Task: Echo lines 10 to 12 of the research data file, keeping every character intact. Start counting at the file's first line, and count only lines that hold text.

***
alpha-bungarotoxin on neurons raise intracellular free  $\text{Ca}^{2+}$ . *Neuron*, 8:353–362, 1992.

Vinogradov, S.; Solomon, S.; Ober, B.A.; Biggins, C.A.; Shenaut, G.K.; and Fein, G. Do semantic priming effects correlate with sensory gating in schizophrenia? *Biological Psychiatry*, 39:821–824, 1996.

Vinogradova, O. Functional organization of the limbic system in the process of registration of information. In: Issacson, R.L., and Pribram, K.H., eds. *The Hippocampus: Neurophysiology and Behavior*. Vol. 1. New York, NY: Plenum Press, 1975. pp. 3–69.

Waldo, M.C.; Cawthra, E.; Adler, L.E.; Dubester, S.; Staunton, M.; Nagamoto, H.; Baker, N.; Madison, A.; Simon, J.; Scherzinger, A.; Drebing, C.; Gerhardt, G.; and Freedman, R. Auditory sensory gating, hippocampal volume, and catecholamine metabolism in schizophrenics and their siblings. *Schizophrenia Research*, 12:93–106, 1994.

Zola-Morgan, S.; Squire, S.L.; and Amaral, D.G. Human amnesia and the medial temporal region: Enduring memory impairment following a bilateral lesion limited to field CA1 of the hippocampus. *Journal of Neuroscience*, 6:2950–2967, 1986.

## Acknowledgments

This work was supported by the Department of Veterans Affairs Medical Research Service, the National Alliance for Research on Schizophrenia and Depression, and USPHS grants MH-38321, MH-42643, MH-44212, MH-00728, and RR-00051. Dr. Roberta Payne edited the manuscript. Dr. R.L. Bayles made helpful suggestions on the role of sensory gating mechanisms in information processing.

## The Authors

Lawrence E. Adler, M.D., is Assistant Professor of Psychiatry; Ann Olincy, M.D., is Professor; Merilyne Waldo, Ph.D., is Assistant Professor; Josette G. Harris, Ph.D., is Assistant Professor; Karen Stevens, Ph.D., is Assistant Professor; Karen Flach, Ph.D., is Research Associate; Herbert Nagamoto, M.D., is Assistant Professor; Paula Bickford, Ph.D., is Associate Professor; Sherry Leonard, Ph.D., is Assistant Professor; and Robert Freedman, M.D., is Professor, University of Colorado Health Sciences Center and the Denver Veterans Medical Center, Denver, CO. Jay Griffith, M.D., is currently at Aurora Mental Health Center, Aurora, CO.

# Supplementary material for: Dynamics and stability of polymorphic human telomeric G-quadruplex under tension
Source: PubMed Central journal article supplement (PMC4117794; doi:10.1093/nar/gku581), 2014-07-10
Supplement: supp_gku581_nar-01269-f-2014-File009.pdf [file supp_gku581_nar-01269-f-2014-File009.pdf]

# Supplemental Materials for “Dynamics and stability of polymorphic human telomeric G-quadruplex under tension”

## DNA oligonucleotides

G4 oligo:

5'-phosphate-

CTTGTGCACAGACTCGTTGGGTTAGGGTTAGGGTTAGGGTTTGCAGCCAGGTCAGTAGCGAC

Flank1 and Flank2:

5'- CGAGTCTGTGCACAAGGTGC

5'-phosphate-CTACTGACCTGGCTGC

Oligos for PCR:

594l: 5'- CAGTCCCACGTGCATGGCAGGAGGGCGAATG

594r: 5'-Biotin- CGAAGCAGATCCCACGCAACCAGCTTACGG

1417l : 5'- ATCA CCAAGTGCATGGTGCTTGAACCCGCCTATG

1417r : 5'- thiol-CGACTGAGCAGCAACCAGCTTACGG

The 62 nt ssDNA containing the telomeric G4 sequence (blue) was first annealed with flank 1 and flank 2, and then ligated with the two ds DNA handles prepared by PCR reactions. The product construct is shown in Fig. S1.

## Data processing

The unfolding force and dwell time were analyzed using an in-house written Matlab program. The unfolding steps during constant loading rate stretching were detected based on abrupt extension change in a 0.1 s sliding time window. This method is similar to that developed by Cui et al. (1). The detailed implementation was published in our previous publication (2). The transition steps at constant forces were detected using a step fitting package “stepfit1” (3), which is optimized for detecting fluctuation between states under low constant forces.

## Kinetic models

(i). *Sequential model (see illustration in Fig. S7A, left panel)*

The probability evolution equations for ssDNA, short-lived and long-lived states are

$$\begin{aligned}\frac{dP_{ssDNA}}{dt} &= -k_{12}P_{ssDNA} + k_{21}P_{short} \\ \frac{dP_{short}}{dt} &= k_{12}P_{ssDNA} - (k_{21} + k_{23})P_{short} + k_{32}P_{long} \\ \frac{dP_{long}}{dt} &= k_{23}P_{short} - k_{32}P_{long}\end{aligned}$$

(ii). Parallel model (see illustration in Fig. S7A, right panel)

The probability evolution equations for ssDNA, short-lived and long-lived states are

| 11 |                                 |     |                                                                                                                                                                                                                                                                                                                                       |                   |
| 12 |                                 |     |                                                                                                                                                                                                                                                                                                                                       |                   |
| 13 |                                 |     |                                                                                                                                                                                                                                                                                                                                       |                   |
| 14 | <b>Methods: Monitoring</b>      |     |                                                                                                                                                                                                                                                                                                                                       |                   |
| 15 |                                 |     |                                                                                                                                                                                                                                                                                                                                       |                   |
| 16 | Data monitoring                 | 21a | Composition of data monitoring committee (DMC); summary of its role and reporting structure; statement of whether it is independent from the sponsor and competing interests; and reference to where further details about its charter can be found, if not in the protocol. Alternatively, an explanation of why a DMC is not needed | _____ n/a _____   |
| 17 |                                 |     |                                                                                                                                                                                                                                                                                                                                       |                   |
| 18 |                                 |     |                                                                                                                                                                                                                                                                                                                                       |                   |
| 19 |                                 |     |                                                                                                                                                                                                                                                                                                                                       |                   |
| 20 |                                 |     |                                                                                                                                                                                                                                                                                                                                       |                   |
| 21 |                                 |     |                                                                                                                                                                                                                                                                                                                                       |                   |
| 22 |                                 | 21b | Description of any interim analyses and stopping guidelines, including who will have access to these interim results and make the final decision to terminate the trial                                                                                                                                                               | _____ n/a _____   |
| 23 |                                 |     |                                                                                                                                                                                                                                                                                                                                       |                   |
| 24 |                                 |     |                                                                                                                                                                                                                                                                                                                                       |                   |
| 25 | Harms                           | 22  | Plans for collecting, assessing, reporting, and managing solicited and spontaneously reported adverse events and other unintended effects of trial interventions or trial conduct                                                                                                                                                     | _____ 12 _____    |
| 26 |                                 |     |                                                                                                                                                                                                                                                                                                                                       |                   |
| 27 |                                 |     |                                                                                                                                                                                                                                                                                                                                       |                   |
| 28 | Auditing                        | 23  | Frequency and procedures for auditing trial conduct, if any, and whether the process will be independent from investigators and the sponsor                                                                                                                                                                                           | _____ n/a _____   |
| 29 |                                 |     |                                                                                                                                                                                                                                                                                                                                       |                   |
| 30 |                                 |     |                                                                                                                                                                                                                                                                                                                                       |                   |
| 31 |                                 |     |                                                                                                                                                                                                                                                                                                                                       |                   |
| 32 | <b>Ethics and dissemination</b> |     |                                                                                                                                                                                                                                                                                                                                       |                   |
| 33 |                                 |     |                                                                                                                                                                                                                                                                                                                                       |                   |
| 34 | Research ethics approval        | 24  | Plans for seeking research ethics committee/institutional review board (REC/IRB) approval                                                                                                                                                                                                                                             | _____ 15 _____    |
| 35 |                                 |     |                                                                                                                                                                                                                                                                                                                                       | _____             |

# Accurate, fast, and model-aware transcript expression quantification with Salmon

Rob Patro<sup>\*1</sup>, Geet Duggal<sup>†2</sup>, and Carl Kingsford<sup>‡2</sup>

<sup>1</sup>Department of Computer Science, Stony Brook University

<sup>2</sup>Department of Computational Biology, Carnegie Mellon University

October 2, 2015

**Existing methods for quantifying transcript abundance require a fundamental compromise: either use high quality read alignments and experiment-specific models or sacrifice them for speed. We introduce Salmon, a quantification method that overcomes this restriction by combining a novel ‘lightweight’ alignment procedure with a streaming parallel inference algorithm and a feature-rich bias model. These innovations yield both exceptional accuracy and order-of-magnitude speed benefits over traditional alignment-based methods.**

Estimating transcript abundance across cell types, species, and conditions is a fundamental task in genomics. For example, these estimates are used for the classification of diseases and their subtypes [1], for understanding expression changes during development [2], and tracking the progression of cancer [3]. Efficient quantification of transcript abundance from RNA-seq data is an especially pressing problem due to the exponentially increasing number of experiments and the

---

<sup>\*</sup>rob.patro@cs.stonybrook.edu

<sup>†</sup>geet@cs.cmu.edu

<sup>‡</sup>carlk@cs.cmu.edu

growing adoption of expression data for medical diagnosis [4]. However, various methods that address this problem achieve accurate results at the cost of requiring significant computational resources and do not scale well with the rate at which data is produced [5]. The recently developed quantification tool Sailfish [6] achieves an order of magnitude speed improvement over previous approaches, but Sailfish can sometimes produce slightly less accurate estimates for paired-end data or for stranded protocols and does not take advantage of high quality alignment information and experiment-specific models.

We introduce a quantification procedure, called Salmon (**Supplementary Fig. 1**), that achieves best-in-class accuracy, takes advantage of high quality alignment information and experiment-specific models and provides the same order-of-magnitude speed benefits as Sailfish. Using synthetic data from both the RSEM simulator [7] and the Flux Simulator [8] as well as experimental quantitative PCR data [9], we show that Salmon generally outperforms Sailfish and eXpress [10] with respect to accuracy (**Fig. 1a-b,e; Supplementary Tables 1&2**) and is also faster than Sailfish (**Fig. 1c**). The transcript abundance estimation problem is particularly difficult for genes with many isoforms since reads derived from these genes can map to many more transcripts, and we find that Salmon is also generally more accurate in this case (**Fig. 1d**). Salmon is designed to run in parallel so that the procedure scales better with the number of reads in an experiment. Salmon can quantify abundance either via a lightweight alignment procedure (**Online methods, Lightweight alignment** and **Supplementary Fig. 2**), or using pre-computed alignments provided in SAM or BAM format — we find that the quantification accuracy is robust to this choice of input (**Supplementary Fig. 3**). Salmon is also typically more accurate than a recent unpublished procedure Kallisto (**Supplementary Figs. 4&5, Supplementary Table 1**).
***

# Supplementary material for: Dynamics and stability of polymorphic human telomeric G-quadruplex under tension
Source: PubMed Central journal article supplement (PMC4117794; doi:10.1093/nar/gku581), 2014-07-10
Supplement: supp_gku581_nar-01269-f-2014-File009.pdf [file supp_gku581_nar-01269-f-2014-File009.pdf]